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Corporate profits are high, the bill is on the consumer

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NOS News

  • Nina Bogosavac

    editor economics

  • Nina Bogosavac

    editor economics

It is perhaps the most pressing economic question of the moment: who pays the bill for the sky-high energy and raw material prices?

A look at the quarterly figures of a number of large multinationals shows that that account is not with them in any case. Because Shell, Unilever and Heineken, among others, saw profits rise sharply in the past quarter, sometimes to record highs.

Meanwhile, the Central Planning Bureau (CPB) stated in June that while corporate profits have been increasing for a few years, households are dealing with higher energy costs. Conclusion: the distribution of costs and benefits is skewed.

And De Nederlandsche Bank (DNB) calculated last month that the increased energy costs have so far only had a limited impact on company profits. At the same time, consumers who buy their products are facing an inflation of more than 10 percent.

‘Global phenomenon’

Shell is the most extreme case of the above companies. The company benefits directly from prices achieved on the world market. At the bottom of the line, profits in the past three months amounted to 18 billion dollars.

Board chairman Ben van Beurden said he was aware that the profits were “very significant”. He calls the high prices a “global phenomenon” that Shell cannot do much about. Making money does come with a responsibility, he says.

‘Inflation as an excuse’

Top sales and record profits do not necessarily mean that companies are taking advantage of the opportunity to raise prices, says Jasper Lukkezen, economist and editor-in-chief of trade magazine ESB. “But companies do make use of inflation.”

He jokingly calls this the Unilever effect. “What you see with this company – and it is not the only one – is that last quarter more money was made with fewer sold products. That is only possible if the prices are higher than the pure cost increase required.”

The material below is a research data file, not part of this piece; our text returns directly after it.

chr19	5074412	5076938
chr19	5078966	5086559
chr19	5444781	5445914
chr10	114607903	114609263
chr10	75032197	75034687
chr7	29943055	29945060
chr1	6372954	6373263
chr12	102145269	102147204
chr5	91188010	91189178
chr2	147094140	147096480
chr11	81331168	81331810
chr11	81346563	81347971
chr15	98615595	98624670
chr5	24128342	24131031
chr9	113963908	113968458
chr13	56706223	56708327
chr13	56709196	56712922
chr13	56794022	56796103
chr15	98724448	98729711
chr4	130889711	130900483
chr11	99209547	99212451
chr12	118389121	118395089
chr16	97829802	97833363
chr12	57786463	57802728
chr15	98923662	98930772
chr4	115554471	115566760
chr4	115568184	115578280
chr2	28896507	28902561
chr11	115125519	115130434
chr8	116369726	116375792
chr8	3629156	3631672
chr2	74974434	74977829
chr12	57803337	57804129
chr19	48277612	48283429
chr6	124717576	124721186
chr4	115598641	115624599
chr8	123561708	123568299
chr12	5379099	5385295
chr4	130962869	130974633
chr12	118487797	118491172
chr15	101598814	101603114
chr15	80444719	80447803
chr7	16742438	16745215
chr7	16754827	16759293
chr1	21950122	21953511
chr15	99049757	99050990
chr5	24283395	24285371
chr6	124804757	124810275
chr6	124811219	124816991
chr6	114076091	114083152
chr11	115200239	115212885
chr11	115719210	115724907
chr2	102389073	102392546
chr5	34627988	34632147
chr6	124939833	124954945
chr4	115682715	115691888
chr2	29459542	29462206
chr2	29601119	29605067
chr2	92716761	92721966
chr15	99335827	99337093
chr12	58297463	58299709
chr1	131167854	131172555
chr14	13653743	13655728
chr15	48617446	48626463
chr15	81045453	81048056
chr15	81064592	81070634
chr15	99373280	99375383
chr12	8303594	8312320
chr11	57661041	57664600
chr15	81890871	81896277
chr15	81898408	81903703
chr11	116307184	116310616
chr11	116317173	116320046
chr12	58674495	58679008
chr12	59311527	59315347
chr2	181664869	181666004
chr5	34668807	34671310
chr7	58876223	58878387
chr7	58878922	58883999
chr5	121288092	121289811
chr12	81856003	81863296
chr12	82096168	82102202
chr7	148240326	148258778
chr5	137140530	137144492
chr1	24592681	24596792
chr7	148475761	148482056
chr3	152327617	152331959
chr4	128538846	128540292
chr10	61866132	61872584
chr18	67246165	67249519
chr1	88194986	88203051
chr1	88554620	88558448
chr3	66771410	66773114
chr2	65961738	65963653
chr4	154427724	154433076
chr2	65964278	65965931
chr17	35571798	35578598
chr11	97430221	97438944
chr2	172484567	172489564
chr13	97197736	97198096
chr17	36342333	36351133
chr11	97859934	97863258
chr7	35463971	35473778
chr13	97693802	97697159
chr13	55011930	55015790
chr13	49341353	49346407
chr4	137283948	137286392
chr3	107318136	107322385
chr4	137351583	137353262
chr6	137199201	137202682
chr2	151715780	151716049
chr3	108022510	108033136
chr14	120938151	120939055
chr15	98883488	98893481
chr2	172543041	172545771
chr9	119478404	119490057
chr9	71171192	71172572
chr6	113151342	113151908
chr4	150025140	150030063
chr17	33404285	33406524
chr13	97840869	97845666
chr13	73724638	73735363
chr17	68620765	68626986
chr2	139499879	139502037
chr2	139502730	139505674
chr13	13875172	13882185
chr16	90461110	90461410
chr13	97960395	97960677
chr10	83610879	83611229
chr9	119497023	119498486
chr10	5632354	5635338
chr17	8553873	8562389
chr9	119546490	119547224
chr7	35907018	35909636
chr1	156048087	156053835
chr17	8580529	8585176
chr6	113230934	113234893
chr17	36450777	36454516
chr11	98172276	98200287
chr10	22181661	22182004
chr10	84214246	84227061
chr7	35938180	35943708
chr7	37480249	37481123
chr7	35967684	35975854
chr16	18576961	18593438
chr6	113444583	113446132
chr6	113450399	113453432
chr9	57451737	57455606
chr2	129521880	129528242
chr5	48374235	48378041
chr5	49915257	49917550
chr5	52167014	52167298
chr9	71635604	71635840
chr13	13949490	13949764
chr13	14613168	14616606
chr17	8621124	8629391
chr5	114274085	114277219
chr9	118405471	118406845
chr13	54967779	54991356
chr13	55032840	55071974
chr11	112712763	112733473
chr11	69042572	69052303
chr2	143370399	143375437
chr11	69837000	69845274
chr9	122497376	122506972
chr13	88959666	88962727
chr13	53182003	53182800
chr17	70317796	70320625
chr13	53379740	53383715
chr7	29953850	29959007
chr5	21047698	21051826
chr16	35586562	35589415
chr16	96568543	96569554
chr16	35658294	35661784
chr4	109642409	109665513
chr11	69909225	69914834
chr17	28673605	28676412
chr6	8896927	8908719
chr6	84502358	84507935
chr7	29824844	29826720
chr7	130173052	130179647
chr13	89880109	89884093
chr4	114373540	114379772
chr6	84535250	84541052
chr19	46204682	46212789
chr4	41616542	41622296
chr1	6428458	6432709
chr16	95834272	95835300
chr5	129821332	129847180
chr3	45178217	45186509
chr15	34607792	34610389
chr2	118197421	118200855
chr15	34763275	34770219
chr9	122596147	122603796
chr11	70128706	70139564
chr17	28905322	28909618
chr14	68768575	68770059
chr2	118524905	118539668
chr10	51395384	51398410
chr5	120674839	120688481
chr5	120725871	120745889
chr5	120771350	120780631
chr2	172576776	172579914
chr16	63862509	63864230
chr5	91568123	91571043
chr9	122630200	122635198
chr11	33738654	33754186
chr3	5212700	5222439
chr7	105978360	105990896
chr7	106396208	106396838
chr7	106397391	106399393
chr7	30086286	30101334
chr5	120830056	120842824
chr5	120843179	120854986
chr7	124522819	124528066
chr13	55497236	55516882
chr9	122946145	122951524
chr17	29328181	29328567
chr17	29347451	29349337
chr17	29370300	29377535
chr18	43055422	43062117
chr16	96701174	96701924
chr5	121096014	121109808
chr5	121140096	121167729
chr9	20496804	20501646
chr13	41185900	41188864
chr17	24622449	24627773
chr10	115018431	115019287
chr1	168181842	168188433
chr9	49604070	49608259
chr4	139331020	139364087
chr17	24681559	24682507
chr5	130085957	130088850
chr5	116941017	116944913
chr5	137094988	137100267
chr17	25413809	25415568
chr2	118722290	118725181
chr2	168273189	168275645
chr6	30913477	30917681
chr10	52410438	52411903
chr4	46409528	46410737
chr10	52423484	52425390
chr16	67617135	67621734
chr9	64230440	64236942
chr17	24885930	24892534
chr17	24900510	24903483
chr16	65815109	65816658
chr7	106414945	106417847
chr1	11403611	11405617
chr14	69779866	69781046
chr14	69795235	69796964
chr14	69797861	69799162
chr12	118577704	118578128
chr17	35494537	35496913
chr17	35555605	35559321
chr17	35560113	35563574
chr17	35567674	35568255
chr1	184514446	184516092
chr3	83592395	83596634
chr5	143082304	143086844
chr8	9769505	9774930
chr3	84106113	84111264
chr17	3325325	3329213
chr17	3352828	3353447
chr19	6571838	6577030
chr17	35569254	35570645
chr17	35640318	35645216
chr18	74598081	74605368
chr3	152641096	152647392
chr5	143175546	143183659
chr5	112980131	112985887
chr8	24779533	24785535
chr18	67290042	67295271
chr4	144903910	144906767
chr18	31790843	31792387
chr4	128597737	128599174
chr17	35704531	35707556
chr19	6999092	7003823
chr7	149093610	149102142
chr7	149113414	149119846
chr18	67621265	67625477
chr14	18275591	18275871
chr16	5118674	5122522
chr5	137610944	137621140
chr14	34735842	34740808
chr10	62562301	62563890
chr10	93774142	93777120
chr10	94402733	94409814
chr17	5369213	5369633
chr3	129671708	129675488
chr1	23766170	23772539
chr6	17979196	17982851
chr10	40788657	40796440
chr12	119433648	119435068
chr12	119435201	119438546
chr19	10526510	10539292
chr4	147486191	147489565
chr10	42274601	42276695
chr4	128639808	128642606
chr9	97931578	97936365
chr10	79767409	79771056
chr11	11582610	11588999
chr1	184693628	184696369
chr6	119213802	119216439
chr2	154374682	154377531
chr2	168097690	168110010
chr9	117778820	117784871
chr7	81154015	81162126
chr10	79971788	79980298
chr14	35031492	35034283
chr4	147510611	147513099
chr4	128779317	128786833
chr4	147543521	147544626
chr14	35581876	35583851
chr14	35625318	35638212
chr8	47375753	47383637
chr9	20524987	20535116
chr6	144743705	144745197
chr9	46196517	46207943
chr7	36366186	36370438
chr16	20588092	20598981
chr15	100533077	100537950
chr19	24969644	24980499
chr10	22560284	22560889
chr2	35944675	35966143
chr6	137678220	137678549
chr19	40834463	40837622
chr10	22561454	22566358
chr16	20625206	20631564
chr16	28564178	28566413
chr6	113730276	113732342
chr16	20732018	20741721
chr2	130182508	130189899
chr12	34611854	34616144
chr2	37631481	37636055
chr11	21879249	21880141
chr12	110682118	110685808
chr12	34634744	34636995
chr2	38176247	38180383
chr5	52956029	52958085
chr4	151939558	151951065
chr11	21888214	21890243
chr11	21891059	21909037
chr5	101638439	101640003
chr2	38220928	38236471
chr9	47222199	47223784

It is only logical that companies try to pass on increased costs of energy, raw materials and wages to customers in order to maintain their own margin, says Lukkezen. “And they succeed.”

But according to him, especially large companies use inflation as an excuse and the price increases indicate that they are not afraid that the consumer will turn to the competition. In other words: they dare to raise prices.

“Companies have to contend with cost increases, they calculate that through, logically. But: we are also coming from an economic period with growth, there is simply more demand than supply. Their starting point is favourable.”

Out of sync

Jan Willem Velthuijsen, chief economist at the accountancy and consultancy firm PwC also sees the high demand as the cause of the increased prices.

Another important factor in the glittering company figures is time, says Velthuijsen. “Sales continue for a while and the costs seep into the profit and loss account of companies later. You do not see that in the figures for the past six months.”

That delay is due to the type of cost increases that companies have to contend with. In Europe, the main issue is an increase in energy prices.

“That is something that slows you down in other costs,” says Velthuijsen. “Demand is still high, costs are still relatively low.” He expects that demand will fall in the future, and costs will increase.

Income tax

Lukkezen points to the windfall tax, in English’windfall tax‘: a special tax on windfall benefits for a company for which they did not have to do anything. Something like this has been shot down in the Netherlands because of complexity in the House of Representatives. “But in Italy and the United Kingdom this does happen at energy companies.”

Another option, he says, is to give money, such as the current 800 euros energy surcharge. “You could do that more broadly. But in limiting price increases with a law, I as a government would be careful.”

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